COVID-19 plunged the world into disarray, but one of the least anticipated impacts in the UK was that cases of eating disorders rose, with the charity Beat receiving 300% more calls to its helpline during the pandemic than previously.
Soaring calls for help came as recent research found that, from March 2020 onwards, eating disorders such as anorexia nervosa or bulimia were 42% higher than would be expected for teenaged girls aged 13-16, and 32% higher for those aged 17-19.
Concerns have been raised about inequitable access to care, with children from wealthier backgrounds more likely to be diagnosed, for example. And GPs have warned that young people with eating disorders - forced to endure long waits for treatment - are ending up in A&E, as NHS eating disorder services are overwhelmed by the surge in cases arising during and post-covid.
Whilst eating disorders often develop during adolescence, it would be mistaken to think of these conditions as affecting only teenagers and young adults. It is not unusual for people to begin to experience an eating disorder earlier or later in life – from as young as six to as old as 70.Dr Anna Lavis - Associate Professor in Medical Anthropology, University of Birmingham
More than 1.25 million people in the UK suffer from an eating disorder – whether binge eating disorder, bulimia, anorexia, other specified feeding or eating disorder (OSFED), or avoidant or restrictive food intake disorder (ARFID) - and yet only a small proportion of those living with these conditions access or receive treatment. Left undiagnosed and untreated all can be lethal, with anorexia having the highest mortality rate of any mental illness.
To have the best chance of recovery, it is vital that people with eating disorders have access to specialist treatment at the earliest opportunity; increasing demand for underfunded services will mean people miss out on support when they need it most.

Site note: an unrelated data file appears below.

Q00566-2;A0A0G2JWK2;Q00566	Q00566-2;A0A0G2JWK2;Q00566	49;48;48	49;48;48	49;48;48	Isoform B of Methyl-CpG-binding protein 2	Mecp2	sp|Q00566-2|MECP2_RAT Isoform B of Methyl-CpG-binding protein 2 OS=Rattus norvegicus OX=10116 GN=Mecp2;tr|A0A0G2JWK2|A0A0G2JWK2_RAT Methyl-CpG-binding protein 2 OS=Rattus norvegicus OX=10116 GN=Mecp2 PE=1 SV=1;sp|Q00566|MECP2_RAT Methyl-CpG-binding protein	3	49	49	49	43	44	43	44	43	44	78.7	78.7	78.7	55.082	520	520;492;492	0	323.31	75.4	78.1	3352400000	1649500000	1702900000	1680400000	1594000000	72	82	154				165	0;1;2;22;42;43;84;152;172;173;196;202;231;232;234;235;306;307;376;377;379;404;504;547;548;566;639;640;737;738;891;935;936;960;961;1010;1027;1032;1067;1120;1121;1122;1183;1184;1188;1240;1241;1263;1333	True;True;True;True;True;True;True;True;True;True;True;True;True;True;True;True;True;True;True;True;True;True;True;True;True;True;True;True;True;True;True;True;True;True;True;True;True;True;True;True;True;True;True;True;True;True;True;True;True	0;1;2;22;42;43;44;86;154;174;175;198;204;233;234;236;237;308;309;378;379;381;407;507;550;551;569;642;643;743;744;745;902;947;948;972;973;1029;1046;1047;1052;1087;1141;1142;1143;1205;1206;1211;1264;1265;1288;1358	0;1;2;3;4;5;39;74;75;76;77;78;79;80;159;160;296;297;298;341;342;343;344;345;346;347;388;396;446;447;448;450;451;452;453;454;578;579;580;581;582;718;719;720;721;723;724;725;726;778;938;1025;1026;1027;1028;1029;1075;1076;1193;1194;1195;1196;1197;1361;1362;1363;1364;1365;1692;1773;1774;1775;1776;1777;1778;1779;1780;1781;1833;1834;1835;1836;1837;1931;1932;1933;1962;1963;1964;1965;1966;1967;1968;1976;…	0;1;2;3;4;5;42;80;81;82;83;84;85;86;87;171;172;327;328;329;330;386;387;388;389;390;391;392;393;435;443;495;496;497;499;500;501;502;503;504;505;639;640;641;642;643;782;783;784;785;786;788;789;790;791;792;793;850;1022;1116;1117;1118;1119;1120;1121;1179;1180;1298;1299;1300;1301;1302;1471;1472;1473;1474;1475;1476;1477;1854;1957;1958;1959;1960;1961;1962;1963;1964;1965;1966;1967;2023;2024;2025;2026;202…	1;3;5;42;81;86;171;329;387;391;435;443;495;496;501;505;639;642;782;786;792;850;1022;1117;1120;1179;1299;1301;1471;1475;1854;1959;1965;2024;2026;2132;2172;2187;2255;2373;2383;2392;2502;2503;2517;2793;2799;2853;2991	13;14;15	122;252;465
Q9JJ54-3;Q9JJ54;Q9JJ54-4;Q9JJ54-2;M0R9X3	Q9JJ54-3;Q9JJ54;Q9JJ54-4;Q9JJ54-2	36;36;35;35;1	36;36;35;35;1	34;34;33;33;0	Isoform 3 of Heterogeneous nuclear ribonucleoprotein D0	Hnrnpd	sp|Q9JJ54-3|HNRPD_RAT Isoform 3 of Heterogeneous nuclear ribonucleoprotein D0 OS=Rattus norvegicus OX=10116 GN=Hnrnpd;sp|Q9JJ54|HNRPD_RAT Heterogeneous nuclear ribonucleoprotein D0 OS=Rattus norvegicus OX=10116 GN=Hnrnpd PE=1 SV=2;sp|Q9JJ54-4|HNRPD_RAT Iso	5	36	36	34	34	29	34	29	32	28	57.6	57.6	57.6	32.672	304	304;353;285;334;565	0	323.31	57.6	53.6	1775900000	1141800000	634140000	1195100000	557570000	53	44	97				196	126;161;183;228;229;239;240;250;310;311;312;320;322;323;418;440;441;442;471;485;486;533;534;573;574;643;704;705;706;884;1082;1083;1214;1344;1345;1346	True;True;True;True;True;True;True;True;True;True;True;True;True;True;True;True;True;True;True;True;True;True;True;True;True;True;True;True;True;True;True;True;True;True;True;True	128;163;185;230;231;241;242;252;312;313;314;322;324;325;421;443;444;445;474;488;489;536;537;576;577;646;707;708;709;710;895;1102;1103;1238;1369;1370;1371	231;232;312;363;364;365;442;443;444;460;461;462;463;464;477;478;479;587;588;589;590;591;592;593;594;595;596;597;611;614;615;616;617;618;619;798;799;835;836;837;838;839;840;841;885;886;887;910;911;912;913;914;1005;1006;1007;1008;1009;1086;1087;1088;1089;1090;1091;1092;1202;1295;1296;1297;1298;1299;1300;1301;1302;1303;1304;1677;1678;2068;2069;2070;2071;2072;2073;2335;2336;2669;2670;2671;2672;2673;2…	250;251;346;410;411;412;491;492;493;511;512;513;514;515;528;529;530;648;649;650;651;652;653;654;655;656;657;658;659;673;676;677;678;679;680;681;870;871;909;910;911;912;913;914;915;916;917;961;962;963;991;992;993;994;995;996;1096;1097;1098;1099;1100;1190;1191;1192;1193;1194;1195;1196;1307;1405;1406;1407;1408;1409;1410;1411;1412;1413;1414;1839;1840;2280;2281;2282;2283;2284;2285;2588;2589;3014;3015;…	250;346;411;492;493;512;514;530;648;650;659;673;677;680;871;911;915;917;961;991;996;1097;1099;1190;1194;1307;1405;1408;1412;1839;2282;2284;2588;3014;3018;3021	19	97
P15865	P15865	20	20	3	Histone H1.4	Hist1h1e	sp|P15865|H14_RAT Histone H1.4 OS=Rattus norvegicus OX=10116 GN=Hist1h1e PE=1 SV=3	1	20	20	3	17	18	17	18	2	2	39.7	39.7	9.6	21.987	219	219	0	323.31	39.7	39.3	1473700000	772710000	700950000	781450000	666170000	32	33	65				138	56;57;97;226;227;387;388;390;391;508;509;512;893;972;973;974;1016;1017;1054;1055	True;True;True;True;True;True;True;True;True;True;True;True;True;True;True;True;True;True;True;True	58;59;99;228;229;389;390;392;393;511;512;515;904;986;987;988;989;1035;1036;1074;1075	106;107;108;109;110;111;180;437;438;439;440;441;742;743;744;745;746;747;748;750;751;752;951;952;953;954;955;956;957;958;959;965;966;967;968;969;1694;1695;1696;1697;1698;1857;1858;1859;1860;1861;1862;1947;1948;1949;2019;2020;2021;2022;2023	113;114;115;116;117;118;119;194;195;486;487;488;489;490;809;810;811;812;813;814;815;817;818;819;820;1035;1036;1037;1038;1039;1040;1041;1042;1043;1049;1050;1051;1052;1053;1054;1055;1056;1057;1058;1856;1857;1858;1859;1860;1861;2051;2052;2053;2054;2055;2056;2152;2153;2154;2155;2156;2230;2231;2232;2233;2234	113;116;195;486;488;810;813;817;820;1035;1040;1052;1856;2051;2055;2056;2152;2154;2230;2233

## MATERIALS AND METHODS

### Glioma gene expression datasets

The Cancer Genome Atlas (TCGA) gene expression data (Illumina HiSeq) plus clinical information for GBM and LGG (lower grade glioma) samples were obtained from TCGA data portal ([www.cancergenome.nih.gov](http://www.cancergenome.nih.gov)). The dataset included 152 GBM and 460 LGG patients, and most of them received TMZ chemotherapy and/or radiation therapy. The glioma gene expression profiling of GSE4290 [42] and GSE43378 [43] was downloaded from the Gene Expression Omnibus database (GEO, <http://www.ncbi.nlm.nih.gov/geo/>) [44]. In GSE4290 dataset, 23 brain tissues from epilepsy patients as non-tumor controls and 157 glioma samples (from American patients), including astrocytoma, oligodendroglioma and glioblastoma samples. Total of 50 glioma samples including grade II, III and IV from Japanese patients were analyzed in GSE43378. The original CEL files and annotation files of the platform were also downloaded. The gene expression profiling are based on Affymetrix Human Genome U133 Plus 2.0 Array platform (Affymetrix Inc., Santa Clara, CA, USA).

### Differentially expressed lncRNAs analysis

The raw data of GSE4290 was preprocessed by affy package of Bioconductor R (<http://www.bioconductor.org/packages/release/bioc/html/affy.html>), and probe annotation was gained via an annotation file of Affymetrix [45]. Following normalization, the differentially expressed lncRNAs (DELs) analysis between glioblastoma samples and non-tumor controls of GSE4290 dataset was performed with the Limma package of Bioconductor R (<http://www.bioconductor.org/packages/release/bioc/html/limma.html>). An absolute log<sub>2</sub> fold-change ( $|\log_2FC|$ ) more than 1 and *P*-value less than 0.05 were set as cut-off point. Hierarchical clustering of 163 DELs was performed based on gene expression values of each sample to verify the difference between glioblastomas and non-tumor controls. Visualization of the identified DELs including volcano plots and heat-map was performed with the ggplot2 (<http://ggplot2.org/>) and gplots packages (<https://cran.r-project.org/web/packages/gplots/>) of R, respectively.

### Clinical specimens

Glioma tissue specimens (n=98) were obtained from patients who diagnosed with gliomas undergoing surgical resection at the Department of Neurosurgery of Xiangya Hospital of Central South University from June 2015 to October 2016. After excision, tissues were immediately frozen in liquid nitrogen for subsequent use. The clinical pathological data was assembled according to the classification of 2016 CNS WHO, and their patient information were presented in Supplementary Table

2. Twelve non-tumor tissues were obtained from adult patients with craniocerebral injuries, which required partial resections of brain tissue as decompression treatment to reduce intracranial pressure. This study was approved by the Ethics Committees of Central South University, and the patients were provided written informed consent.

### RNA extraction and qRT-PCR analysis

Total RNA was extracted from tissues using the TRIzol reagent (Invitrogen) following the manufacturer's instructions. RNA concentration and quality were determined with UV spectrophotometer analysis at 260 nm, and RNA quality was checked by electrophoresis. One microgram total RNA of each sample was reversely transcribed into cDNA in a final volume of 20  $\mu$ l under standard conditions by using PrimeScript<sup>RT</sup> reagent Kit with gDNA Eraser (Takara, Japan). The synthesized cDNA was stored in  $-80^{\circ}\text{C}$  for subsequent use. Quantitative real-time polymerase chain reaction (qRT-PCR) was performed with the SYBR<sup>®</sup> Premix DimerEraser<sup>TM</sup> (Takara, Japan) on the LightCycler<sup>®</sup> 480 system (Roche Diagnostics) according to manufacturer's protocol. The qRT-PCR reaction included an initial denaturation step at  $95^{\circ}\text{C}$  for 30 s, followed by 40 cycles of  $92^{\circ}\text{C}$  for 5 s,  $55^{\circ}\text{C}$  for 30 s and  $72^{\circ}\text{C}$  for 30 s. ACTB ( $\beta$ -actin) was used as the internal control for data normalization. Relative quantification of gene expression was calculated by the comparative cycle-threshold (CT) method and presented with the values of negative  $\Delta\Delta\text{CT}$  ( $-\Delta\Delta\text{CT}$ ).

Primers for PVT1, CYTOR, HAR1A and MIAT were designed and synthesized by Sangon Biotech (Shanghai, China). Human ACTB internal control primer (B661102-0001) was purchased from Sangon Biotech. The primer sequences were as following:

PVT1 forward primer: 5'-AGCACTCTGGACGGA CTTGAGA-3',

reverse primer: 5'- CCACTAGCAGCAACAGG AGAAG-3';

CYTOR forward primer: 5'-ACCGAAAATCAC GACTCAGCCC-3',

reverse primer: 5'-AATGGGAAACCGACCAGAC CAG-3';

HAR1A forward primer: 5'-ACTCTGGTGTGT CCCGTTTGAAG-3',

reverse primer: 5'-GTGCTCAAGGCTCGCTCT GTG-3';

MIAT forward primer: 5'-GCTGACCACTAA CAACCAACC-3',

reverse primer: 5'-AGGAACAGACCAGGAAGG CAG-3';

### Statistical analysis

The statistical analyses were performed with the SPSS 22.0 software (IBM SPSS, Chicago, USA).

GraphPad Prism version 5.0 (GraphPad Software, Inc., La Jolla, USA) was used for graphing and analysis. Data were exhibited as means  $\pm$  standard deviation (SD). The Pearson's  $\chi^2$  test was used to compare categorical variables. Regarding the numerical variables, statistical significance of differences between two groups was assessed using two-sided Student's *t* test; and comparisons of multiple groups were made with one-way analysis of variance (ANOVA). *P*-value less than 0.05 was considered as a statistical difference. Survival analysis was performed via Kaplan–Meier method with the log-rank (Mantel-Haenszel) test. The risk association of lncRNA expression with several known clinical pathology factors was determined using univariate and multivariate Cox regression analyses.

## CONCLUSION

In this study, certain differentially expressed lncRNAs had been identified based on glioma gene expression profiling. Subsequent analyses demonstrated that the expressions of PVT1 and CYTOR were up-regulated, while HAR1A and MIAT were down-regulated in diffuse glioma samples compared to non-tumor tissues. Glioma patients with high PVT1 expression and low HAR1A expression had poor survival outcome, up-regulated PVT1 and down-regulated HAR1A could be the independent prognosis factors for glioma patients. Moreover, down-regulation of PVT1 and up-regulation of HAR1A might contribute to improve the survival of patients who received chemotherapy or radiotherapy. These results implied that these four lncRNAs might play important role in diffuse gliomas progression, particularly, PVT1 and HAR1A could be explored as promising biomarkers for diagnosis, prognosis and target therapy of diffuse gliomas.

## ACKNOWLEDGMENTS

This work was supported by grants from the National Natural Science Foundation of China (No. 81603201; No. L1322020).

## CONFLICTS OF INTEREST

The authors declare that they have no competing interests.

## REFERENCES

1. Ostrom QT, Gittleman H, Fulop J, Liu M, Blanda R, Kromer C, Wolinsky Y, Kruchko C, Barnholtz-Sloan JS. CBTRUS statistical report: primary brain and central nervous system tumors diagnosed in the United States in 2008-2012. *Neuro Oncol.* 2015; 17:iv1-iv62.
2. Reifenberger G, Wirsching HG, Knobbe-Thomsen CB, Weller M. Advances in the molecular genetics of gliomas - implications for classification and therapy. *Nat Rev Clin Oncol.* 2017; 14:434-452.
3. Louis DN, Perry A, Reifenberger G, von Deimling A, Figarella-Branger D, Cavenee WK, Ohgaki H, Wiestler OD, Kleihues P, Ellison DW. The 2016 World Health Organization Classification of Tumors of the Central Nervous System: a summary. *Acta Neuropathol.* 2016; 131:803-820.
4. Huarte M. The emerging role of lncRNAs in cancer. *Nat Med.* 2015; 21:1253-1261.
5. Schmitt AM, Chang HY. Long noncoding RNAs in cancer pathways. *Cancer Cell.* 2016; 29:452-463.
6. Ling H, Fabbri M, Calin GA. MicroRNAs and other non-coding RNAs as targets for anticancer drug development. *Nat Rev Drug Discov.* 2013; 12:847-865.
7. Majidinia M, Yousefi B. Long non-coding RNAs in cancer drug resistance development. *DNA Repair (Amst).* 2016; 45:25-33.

Whilst eating disorders often develop during adolescence, it would be mistaken to think of these conditions as affecting only teenagers and young adults. It is not unusual for people to begin to experience an eating disorder earlier or later in life – from as young as six to as old as 70. Indeed, people are less likely to receive a diagnosis or treatment because there is a lack of understanding and awareness of eating disorders in these age groups.
In addition, the All-Party Parliamentary Group on Eating Disorders recently highlighted significant gaps in knowledge about the experiences and needs of a wide range of people with eating disorders, specifically those living with other mental and physical health conditions, people with certain eating disorder diagnoses, and across various social and cultural groups.
These knowledge gaps create barriers to care and disparities in outcomes, as well as fundamentally undermining our ability to develop effective strategies to spare future generations.
Addressing them requires two key things: firstly, research priorities need to be set and research undertaken in collaboration with people with lived experience. Secondly, there is a need to understand how socio-cultural contexts and social and mental health inequalities impact experiences, access to services and outcomes.
All of which make our new research programme at the University of Birmingham so important as we bring an anthropological approach to understanding the lived experience of people with eating disorders.
Our project has been awarded funding from more than £4 million of new research money to understand and help treat people in the UK who are affected by eating disorders. By working in collaboration with people with lived experience, especially those who have been largely unheard in eating disorders research to date, we will create a new socio-cultural strategy for research, treatment and prevention.
Backed by joint funding from Medical Research Foundation, Medical Research Council, Economic and Social Research Council, Arts and Humanities Research Council and National Institute for Health and Care Research, we will draw together a blueprint that we believe will help to shape key health policy decisions that need to be made.
That is why this funding is so important – it will allow us to work with people with eating disorders to undertake research that makes a real and sustainable difference now and into the future.